In addition, we tested the working memory functions of rats in the transfer phase of the hidden platform version of the MWM. In this experiment, we transferred the platform to the contrary quadrant, and their capacity for learning and remembering the new platform location were measured. STZ-induced diabetic rats had difficulty in forming a good working memory of the new platform location, as evident by that they exhibited significant higher escape latency and a significant increase in the swim journey to find the hidden platform during 4-d training trials compared to control group rats and explored the new training quadrant and crossed the platform location significantly less often than did the control rats in a probe trial 1 day after the end of training. Taken together, results of the escape latency, travelled distance in the goal quadrant, duration spent on quadrant, and times of platform crossings indicated that H2S improves the working memory performance in STZ-induced diabetic rats. The Y-maze task is a specific and sensitive test for working memory in a new environment [39, 40]. In the Y-maze test, we found that administration of H2S led to a marked increasing in correct rate in diabetic rats. This result also indicates the potential role of H2S to improve the STZ-exposed diabetic working memory disorder.

The NOR test on the basis of the differential exploration of familiar and new objects [41], and it is used to study short-term, declarative memory and attention. In the present study, we showed that in NOR, rats treated with STZ displayed a decreased discrimination index, which also indicates the cognitive dysfunction. Furthermore, the protective action of H2S in diabetic cognitive dysfunction was further supported in novel object recognition test. Administration of H2S dose dependently upregulated the discrimination index of diabetic rats in the novel object recognition test.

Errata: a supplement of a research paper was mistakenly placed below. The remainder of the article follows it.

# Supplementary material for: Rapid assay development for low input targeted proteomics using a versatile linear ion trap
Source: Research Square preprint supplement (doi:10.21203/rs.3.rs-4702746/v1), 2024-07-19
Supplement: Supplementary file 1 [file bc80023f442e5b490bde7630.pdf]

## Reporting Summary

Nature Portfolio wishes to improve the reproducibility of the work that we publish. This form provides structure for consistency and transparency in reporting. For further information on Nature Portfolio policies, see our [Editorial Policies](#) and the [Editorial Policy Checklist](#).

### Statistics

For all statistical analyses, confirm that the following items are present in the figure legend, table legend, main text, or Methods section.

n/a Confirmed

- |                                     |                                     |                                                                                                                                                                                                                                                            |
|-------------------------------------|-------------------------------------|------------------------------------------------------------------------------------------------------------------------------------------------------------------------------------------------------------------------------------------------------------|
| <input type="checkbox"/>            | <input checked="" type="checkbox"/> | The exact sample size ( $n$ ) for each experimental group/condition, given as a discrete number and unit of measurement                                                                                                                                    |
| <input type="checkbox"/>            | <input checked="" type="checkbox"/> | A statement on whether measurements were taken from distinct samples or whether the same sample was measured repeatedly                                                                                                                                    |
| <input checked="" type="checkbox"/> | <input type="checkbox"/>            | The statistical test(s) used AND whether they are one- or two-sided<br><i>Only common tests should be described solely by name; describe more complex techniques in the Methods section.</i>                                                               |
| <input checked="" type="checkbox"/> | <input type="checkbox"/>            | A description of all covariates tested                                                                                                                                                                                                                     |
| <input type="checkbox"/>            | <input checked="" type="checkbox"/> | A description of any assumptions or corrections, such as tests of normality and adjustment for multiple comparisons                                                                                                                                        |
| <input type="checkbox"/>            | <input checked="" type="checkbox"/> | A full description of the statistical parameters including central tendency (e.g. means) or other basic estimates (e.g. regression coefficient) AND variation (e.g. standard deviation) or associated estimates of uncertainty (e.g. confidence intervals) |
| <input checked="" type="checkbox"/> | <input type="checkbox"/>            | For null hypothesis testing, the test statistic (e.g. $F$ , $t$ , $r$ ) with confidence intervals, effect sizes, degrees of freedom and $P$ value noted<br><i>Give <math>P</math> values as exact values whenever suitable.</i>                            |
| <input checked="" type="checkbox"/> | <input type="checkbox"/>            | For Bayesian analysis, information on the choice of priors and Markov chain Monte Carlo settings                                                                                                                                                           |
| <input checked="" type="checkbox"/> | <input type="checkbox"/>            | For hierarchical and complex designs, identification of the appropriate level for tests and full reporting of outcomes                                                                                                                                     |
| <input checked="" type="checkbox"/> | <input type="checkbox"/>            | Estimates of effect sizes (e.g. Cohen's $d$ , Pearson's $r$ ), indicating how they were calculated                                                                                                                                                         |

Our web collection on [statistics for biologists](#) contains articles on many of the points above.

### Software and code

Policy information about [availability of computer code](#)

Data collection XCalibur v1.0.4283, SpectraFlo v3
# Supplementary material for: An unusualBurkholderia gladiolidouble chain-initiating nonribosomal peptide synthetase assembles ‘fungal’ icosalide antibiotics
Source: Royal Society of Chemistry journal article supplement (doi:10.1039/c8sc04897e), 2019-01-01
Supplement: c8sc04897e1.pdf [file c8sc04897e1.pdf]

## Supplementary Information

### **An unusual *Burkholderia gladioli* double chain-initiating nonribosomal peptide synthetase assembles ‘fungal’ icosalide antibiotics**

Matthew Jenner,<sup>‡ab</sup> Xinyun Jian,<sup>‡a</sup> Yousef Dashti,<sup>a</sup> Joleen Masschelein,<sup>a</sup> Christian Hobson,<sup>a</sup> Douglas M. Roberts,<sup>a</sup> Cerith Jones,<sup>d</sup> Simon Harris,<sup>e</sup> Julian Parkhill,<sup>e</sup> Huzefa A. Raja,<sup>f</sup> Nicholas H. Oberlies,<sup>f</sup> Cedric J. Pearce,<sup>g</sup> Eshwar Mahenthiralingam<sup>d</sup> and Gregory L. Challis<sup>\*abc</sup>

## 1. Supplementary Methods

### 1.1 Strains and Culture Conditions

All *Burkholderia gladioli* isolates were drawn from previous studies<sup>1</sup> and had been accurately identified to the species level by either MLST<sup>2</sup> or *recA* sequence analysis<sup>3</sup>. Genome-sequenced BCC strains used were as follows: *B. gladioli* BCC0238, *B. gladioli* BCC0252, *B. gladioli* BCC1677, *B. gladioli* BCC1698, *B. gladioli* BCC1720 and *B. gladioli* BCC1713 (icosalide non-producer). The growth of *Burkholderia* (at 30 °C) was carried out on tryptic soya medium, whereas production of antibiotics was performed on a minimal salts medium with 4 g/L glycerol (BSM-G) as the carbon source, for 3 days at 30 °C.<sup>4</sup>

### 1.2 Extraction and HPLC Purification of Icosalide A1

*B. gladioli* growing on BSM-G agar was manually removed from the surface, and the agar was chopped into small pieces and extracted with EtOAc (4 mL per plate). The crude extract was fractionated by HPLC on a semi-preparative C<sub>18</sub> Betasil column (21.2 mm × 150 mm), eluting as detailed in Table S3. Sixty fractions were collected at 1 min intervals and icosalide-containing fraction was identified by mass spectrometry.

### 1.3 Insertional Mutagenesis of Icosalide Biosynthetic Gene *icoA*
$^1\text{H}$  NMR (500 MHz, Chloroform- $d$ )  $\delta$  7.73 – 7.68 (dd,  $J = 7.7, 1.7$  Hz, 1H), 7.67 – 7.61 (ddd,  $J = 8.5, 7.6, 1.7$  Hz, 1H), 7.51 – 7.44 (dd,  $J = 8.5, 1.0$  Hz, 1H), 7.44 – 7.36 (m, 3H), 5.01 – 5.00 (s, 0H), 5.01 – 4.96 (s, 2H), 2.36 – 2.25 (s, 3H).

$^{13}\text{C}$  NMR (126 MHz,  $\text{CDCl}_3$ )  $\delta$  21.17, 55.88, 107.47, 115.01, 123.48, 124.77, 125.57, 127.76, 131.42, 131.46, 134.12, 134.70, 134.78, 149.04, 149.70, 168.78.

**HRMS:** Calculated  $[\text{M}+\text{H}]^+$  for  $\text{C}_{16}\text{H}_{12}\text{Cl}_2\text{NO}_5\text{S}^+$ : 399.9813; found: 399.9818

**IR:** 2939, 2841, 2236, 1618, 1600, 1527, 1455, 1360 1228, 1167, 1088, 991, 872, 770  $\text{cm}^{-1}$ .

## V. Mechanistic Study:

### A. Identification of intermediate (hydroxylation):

ER stress is often believed to have a great importance in the induction of insulin resistance and diabetes [25, 42, 43]. The importance of the hippocampus for cognitive functions is well established [44, 45]. Especially, spatial memory strongly based on activity of hippocampus min rats is widely accepted [46]. When cells were exposed to stress or damage, ER stress is a early or initial cellular response, which is associated with neuronal death in many neurodegenerative diseases. [47]. ER stress-induced apoptosis in the hippocampus is assessed to clarify the mechanism of diabetic cognitive impairment [29]. Therefore, we speculated that H2S has function as efficient anti-cognitive disorder by alleviating hippocampal ER stress. Our experiments showed that the hippocampal expressions of GRP78, CHOP, and cleaved caspase-12 in diabetic rats were all increased. In consistent with the previous report [29], our data also suggested that hippocampal ER stress is often believed to contributes to the diabetic cognitive dysfunction. It is to be noted that administration of H2S significantly inhibited the expressions of above proteins in the hippocampus of STZ-induced diabetic rats. These results suggested that H2S have physiological role in downregulating the elevated ER stress in the hippocampus of diabetic rats. Our recent data also demonstrated that H2S protect PC12 cells from formaldehyde exposed ER stress [48]. These published findings was further explained and supported our present results. Thus, the present work revealed that H2S improves the diabetic cognitive dysfunction through inhibiting the hippocampal ER stress. It is interesting to note an opposite finding that H2S increases ER stress in Beta cells in vitro [49]. The difference in observed model, pancreatic beta cells in vitro and hippocampus tissues in vivo, may account for the discrepancy between the two studies. In order to further demonstrated that improving the diabetic cognitive impairment by suppressing ER stress indeed depend on the increase in hippocampal endogenous H2S, we investigated whether NaHS treatment changes the hippocampal endogenous H2S generation in STZ-induced diabetic rats. The hippocampal endogenous H2S generation of diabetic rats is decrease, while this downregulation is reversed by intraperitoneal NaHS. Therefore, we suggested that NaHS-provided protection in diabetic rats depend on the increase in the hippocampal endogenous H2S generation. However, it has been reports that H2S formation in pancreas and liver was markedly increased in STZ-induced diabetic rats [50]. This conflict is probably due to the discrepancy of organs.